- Create a flexible budget report that shows multiple cost drivers
You are the manager at Simply Yoga. In an effort to figure out how many classes you should put on the schedule and how many students should be in each class, you are wondering what things to look at. Labor, number of classes taught or number of participants could all be cost drivers. Well, direct labor is going to be a driver for you, since you currently pay per student, but have a minimum amount of $84 per class. Let’s assume you teach heated classes. If you teach 20 classes, the rooms only need to be heated for those hours, but if you teach 50 classes, your hours of needing heat in the building has gone up considerably, causing an increase in utility costs! Which driver is most important in this example?
So for our example, Simply Yoga, we only assumed that one thing would change the budget: The number of classes taken. Some of the costs of the yoga studio may depend on other factors, like, how many hours the studio is open?
A cost driver is defined as the unit of activity that causes a change in the activity’s cost. In our Simply Yoga example, we first just looked at the number of students through the door as a cost driver. But, then we also need to look at how many classes are taught and how that may affect wages and other costs.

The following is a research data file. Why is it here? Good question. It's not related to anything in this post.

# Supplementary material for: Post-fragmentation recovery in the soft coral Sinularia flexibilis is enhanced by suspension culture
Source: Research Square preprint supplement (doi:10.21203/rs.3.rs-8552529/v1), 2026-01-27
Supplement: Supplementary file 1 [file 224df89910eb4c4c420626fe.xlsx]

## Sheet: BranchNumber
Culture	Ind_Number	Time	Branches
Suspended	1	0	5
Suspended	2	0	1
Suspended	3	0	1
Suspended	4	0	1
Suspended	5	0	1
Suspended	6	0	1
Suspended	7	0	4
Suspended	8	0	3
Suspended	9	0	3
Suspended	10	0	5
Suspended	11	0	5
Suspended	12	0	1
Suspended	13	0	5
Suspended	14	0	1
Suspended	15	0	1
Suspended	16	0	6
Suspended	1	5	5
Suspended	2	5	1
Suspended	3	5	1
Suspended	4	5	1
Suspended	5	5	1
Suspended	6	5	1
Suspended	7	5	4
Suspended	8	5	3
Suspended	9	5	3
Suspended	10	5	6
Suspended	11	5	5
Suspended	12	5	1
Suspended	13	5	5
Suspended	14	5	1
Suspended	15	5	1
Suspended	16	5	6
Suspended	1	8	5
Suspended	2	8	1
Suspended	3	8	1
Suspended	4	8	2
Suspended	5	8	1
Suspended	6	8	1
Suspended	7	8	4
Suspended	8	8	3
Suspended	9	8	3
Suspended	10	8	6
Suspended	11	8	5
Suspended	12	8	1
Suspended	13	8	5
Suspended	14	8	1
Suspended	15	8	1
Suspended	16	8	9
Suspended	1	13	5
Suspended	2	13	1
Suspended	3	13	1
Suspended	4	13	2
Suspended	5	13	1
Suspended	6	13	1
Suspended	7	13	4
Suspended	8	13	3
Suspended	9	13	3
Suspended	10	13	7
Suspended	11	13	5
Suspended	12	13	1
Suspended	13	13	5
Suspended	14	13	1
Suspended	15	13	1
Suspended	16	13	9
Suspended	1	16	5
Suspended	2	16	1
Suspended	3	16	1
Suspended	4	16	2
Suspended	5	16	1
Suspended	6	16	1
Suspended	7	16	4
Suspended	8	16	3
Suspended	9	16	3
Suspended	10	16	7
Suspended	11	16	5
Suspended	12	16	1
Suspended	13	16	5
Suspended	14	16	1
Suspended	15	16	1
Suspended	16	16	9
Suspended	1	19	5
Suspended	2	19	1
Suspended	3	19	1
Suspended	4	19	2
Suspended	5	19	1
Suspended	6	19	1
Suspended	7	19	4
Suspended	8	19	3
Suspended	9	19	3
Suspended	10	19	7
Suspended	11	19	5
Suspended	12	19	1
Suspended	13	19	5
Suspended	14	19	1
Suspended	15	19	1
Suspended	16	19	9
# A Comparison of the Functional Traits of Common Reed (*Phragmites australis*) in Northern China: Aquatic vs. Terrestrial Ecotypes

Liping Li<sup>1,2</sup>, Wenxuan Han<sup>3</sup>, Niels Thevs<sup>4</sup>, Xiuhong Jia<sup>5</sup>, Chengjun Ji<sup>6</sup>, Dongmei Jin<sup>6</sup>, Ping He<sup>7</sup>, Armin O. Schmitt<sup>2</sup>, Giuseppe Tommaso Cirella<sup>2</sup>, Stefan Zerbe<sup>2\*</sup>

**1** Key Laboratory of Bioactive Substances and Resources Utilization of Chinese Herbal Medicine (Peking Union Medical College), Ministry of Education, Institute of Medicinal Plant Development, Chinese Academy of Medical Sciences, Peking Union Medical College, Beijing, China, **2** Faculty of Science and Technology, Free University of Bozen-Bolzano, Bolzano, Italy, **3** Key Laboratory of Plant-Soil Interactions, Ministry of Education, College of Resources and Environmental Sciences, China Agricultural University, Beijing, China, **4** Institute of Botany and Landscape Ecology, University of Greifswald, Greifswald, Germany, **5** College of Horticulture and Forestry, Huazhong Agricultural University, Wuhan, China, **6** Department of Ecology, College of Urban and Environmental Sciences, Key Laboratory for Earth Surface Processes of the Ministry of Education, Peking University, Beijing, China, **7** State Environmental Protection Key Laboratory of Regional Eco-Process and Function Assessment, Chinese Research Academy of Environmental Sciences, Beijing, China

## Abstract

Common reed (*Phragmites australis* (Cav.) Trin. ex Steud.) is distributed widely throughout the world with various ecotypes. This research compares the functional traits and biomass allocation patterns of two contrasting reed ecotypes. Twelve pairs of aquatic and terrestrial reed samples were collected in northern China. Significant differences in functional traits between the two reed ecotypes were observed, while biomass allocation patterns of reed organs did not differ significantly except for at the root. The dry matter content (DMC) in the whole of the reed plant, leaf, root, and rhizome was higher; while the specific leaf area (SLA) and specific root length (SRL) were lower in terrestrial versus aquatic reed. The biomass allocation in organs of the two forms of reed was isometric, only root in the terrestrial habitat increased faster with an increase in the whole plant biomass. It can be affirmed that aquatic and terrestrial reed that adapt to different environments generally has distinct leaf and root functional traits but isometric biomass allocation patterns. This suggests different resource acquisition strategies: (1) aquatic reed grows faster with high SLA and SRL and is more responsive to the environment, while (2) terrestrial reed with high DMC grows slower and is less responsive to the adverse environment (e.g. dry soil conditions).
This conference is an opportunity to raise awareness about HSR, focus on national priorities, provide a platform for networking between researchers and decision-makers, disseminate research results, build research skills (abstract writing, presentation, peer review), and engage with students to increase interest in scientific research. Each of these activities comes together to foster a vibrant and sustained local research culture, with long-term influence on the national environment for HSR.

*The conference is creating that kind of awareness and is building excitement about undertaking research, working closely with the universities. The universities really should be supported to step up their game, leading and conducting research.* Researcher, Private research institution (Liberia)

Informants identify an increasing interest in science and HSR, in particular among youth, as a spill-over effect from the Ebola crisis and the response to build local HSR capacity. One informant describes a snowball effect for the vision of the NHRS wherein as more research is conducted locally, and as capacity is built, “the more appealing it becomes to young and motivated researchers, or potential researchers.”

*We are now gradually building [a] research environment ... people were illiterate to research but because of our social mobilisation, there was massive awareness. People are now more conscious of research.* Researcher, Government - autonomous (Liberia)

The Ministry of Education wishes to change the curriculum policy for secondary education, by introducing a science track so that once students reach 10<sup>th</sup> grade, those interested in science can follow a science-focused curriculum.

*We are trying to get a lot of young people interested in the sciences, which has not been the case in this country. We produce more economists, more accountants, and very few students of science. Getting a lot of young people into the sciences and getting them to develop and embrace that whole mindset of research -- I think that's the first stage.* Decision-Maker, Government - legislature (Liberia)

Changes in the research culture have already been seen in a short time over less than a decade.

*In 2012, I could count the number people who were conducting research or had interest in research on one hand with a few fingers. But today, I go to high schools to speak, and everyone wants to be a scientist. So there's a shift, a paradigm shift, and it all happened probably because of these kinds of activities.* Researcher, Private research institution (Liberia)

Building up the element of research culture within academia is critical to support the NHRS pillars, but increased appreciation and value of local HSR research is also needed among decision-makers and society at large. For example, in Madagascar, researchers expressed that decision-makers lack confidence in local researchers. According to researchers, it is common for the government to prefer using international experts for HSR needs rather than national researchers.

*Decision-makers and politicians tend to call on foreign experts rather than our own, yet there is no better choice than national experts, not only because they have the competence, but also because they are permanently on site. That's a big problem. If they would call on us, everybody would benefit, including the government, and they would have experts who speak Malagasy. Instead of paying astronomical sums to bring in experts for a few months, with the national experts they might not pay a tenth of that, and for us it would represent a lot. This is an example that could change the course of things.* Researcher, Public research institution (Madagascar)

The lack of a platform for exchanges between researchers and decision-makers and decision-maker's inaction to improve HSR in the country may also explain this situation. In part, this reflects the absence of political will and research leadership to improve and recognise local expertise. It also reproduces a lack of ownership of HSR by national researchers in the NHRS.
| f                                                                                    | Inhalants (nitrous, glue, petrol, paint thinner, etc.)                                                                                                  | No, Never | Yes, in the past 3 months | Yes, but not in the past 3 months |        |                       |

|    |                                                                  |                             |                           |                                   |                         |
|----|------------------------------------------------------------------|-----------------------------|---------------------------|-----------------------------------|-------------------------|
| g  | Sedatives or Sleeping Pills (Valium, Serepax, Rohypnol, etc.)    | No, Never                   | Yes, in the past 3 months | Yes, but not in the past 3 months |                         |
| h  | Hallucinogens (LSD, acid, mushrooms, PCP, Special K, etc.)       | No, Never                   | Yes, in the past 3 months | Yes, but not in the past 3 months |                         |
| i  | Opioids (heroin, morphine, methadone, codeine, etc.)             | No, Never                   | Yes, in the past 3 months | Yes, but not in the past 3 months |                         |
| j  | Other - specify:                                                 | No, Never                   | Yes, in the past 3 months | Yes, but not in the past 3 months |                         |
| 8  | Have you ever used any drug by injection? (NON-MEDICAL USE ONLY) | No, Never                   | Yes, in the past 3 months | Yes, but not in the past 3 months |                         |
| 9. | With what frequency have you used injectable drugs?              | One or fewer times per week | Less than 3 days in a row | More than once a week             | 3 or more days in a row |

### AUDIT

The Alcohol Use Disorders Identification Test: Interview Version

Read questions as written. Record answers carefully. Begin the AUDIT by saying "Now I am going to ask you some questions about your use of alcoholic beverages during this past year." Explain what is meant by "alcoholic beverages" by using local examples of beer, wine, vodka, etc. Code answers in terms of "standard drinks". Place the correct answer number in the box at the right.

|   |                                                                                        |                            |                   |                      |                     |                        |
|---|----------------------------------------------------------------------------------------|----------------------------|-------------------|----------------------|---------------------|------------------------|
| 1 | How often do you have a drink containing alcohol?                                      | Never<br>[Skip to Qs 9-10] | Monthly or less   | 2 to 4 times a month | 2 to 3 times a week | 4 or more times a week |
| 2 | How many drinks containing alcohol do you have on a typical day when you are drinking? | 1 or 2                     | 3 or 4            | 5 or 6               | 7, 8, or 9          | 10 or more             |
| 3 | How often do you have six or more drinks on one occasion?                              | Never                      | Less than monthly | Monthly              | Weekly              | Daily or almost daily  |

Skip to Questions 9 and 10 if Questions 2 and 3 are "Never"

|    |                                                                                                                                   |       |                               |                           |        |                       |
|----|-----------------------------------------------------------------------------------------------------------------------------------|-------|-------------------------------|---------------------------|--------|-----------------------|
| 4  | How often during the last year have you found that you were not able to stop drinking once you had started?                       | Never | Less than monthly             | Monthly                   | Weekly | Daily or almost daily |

This additional cost driver may affect utilities, as if we need to have the heat at a certain temperature for classes, this cost may not depend on how many students take classes.
Let’s say we had 20 classes with 25 students each, so the studio was heated for 20 hours. What if we had 50 classes with 10 students each? The studio would then need to be heated for 50 hours! This could have a huge effect on our electricity bill, even though we have the same number of students through the space!
Another thing that could be an additional cost driver, may be wages. At Simply Yoga, the instructors are paid $7 per student, as we figured out when we were working on our budget. But what if they were guaranteed $84 per class, and paid $7 over this amount? Then we could have a huge fluctuation, depending on the number of students in each class.
Do you see how just looking at costs based on the number of classes taken, might not give you the true picture?
Let’s look closer:
If Simply Yoga still has 500 students come through their doors, but offers 50 classes instead of 20 and pays each instructor a minimum of $84 per class with $7 for each additional student, look how that affects the net income?
|Number of classes offered||20||50|
|Wages and salaries ($7/person or $84/class)||$3,500||$4,200|
|Net Operating Income||$1,900||$800|
When multiple cost drivers are present, we need to look at each one to determine our net operating income. Determining the most important cost driver, is crucial as a component of budgeting. As we can see from this example, a change in the number of students through the door may have an effect, but the number of classes offered, and how many students participate in each one will also come into play.